When installing rack-mounted solar panels, home and business owners have the choice between mounting their solar array on the roof or on the ground. Roof-mounted panels are popular because of their convenience, the space they save, and their lower installation costs. Ground-mounted systems, on the other hand, require less maintenance over time. If a home or business has a large enough plot of land to install a ground-mounted array, which is the better option to go for? Consider the following factors:
1. Optimal Solar Batteries
Ground-mounted systems have more optimal solar batteries than rooftop systems do. Usually, solar arrays have to be a specific size to provide sufficient power for the home or business. A ground-mounted system has an array of solar panels placed throughout a large land area. This allows the solar panels to collect sunlight from different angles, so the width of the display can be smaller than that of a roof-mounted system and still provide adequate power.
Therefore, a ground-mounted system has fewer solar batteries than a roof-mounted system and more optimal batteries than a rooftop system. Also, because the batteries are located with the panels, they have minimal exposure to extreme hot and cold environments. Properly installed ground-mounted systems are more temperature stable than rooftop systems and will last longer.
2. Lithium vs. Lead-Acid Batteries
There are two types of batteries commonly used in solar systems: lithium and lead-acid. Lithium batteries have a higher energy density than lead-acid. Lead-acid batteries have been around for more than 100 years, but their life span is limited because they can’t be recharged. A solar panel array is like a battery that needs to charge and discharge every day or so. If the battery isn’t being charged, it won’t work as well as if it were charged up. One of the most significant benefits of lithium batteries is that they can be recharged indefinitely because they do not oxidize when exposed to air (like lead-acid batteries).
This makes lithium batteries a better choice than lead-acid when the solar panels are not connected to the grid and have to store power in batteries. Lithium battery costs are more than twice that of lead-acid, but they last more than twice as long. A ground-mounted system will typically use fewer lithium batteries than a rooftop system because ground-mounted systems are not interconnected with the power grid and do not have to store power in large quantities for later use.
3. Backup Batteries for Grid-Connected Systems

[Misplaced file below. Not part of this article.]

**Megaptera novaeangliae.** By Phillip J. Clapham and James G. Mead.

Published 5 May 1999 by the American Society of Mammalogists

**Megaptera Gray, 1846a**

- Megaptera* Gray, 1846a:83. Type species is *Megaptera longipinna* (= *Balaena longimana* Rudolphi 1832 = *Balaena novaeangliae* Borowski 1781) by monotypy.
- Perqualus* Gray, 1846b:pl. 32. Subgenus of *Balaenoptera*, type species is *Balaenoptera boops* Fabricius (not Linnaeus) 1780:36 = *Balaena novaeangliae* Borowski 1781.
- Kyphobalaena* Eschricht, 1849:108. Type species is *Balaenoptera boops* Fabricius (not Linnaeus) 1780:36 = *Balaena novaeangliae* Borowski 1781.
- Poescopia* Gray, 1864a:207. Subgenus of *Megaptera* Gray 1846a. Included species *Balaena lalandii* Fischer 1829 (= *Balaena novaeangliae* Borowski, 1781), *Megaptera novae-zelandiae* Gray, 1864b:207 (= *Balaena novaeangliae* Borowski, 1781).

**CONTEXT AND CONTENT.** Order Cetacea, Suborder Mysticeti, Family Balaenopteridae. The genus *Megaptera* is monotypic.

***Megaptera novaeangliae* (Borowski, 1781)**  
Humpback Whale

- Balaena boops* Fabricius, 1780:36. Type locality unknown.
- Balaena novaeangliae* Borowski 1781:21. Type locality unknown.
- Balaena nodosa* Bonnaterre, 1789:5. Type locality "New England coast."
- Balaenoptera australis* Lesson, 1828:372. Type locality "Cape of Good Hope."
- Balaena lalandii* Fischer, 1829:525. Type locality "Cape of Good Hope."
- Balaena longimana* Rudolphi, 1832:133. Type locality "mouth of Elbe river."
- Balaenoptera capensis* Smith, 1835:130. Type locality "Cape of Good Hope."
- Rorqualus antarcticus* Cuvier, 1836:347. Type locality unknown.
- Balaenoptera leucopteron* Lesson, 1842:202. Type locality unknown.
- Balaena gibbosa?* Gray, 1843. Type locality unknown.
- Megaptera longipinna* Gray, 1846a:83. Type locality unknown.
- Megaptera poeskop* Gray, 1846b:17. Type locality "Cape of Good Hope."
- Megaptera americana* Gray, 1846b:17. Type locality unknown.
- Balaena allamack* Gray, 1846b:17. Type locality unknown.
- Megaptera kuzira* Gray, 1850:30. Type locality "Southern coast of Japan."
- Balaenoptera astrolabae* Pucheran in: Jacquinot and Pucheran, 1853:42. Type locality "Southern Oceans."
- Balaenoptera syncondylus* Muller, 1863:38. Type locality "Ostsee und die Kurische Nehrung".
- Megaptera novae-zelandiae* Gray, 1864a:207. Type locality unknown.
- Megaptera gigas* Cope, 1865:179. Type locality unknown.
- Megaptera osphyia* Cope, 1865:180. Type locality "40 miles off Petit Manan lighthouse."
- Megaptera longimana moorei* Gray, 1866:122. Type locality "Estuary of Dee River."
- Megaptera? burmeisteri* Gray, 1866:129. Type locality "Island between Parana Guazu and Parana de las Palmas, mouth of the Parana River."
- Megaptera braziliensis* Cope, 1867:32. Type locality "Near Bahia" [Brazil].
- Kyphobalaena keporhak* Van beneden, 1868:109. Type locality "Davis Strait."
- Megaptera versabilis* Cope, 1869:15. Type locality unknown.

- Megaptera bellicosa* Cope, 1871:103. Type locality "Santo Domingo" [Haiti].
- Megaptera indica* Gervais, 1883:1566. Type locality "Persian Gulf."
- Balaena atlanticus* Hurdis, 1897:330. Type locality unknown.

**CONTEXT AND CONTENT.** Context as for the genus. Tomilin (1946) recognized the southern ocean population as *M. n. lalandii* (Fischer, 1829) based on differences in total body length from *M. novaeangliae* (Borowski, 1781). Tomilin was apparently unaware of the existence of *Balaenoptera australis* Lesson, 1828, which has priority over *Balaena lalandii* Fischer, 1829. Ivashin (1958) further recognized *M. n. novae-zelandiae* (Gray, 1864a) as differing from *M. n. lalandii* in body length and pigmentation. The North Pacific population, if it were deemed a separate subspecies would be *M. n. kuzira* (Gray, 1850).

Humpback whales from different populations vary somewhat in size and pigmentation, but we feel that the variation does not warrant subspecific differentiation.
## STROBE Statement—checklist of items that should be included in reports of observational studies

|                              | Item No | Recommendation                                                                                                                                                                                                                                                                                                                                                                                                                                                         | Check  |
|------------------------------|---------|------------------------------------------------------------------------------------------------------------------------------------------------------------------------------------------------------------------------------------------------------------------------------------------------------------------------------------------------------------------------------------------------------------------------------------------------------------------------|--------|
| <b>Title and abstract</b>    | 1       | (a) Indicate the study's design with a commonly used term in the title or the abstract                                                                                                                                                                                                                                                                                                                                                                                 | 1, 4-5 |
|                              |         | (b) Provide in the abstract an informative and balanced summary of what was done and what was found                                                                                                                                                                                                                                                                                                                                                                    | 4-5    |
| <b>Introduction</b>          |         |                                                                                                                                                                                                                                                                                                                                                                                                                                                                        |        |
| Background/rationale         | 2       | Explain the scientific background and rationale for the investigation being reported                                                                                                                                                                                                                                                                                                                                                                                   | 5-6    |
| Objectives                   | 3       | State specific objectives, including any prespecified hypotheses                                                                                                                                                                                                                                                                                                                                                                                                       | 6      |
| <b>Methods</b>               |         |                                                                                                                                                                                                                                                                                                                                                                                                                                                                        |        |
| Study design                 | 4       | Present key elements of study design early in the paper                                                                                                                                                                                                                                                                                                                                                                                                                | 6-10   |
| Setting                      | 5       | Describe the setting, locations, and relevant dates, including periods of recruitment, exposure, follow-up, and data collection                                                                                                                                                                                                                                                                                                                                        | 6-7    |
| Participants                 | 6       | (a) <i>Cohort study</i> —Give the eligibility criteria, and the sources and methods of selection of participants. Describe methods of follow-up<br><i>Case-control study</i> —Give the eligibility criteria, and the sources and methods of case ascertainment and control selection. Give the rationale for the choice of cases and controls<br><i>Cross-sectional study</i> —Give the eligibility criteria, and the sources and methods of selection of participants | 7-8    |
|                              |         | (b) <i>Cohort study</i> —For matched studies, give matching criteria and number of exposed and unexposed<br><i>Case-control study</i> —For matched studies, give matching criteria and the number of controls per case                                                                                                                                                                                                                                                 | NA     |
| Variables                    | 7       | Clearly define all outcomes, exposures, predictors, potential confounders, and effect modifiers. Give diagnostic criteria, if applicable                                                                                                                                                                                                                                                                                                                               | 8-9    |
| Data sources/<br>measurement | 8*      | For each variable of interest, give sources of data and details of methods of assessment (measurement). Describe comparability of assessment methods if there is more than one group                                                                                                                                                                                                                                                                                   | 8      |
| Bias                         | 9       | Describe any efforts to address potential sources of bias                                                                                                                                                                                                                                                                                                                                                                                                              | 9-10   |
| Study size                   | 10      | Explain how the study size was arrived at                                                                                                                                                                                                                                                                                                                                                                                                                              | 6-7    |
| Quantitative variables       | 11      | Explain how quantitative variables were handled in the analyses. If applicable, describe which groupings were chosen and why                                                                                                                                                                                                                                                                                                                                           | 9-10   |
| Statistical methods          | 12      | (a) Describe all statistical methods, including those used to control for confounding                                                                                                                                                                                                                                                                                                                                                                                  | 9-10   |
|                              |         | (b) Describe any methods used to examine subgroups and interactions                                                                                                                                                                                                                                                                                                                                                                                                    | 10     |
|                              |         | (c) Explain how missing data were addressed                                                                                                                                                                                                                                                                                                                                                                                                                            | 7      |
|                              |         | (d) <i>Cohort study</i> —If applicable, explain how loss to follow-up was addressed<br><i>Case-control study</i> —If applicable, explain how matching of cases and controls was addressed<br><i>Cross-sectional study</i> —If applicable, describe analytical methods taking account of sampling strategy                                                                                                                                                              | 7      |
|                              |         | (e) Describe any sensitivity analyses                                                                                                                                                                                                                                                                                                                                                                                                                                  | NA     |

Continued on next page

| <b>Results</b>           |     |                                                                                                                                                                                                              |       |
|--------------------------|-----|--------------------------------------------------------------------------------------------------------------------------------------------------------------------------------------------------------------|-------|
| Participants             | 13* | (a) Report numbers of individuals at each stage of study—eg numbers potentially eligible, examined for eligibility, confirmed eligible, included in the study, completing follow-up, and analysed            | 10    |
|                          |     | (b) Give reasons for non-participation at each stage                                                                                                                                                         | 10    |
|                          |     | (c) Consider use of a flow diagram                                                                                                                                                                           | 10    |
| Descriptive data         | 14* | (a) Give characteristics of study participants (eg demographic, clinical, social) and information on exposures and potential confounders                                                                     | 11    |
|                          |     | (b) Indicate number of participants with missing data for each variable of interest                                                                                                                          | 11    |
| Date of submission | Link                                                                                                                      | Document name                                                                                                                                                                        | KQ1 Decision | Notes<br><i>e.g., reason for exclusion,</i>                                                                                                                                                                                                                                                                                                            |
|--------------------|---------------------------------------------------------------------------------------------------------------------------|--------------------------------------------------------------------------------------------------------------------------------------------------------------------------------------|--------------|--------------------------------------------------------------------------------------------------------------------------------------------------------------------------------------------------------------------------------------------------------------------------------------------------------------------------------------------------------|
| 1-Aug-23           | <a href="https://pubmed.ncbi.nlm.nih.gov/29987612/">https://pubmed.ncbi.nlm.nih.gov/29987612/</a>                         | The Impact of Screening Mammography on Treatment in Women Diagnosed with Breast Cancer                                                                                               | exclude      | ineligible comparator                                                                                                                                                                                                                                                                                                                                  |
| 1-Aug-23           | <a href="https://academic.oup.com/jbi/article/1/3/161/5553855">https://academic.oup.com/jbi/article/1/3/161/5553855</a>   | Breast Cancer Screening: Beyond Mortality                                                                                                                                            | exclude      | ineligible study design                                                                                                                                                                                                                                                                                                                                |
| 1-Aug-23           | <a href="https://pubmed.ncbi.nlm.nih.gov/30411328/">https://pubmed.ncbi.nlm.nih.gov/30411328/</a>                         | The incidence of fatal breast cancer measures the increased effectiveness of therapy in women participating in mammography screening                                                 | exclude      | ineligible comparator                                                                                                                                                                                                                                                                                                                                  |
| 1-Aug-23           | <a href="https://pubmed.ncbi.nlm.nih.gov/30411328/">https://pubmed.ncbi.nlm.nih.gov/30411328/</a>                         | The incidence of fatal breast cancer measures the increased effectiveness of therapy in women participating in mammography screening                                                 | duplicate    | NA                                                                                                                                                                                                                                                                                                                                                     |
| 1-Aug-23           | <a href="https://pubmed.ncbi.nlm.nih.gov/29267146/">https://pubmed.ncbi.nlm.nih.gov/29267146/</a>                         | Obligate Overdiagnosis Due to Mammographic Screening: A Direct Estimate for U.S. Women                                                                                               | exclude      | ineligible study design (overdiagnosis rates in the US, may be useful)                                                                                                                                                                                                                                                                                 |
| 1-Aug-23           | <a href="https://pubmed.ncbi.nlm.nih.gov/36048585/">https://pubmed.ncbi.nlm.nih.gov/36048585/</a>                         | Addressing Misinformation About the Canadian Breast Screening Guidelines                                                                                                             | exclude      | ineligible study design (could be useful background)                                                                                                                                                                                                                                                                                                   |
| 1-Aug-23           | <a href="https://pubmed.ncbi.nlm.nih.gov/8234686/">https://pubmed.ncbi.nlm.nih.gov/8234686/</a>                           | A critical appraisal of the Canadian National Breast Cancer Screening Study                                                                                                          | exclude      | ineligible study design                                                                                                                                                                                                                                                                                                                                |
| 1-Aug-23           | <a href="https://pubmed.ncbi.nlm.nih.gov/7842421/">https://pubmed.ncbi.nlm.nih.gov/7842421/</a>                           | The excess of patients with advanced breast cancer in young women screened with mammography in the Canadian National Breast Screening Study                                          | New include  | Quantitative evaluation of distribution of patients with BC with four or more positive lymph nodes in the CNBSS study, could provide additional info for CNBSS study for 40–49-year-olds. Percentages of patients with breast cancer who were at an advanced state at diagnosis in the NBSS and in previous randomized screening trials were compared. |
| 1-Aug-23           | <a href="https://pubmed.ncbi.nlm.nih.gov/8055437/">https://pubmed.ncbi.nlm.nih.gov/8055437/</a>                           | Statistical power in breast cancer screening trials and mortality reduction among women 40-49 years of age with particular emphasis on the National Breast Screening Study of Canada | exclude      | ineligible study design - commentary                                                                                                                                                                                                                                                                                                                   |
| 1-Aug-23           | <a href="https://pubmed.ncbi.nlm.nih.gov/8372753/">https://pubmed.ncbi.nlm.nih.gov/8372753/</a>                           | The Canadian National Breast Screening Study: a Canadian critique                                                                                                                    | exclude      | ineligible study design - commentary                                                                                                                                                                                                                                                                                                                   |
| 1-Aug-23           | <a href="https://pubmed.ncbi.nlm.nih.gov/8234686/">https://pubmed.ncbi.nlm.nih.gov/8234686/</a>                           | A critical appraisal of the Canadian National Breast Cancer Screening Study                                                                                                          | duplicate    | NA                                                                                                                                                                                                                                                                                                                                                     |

A common misconception is that ground-mounted systems need to be grid-connected to draw power from the grid in case of a blackout. In reality, grid-connected solar panels are often more expensive than non-grid solar panels because of their maintenance needs and failure risks. If a large portion of the system were to fail for some reason, it would have to be replaced, not just repaired.
Most batteries can be shut down if they are not being used by an inverter (a piece of equipment that converts power), but they will keep working if some electricity is being used on them. However, lithium batteries should never be shut down because they could overheat and become damaged by doing so.
4. Optimal Solar Panel Mounts
Ground-mounted solar panels are generally mounted on metal frames bolted onto the ground. A certified structural engineer should design these frames to provide the correct grounding for the wiring and contain good insulators for lighting issues. This can save a lot of money on installation costs.
Rooftop solar panel mounts vary widely depending on what type of roof they’re installed on, making it hard to generalize about them. Panels installed on flat roofs don’t usually need any support because roofs have some natural give in them to support their weight.
Ground-mounted solar panels are better for many reasons. They’re more cost-effective, can last longer, and have a lower maintenance environment. Compared to rooftop systems, ground-mounted systems are easier to install for your home or business, and the savings per year are substantial. Additionally, if ground-mounted panels become damaged in any way they don’t pose as much of a fire hazard as rooftop panels do because they’re not connected to power lines which electricity typically travels through.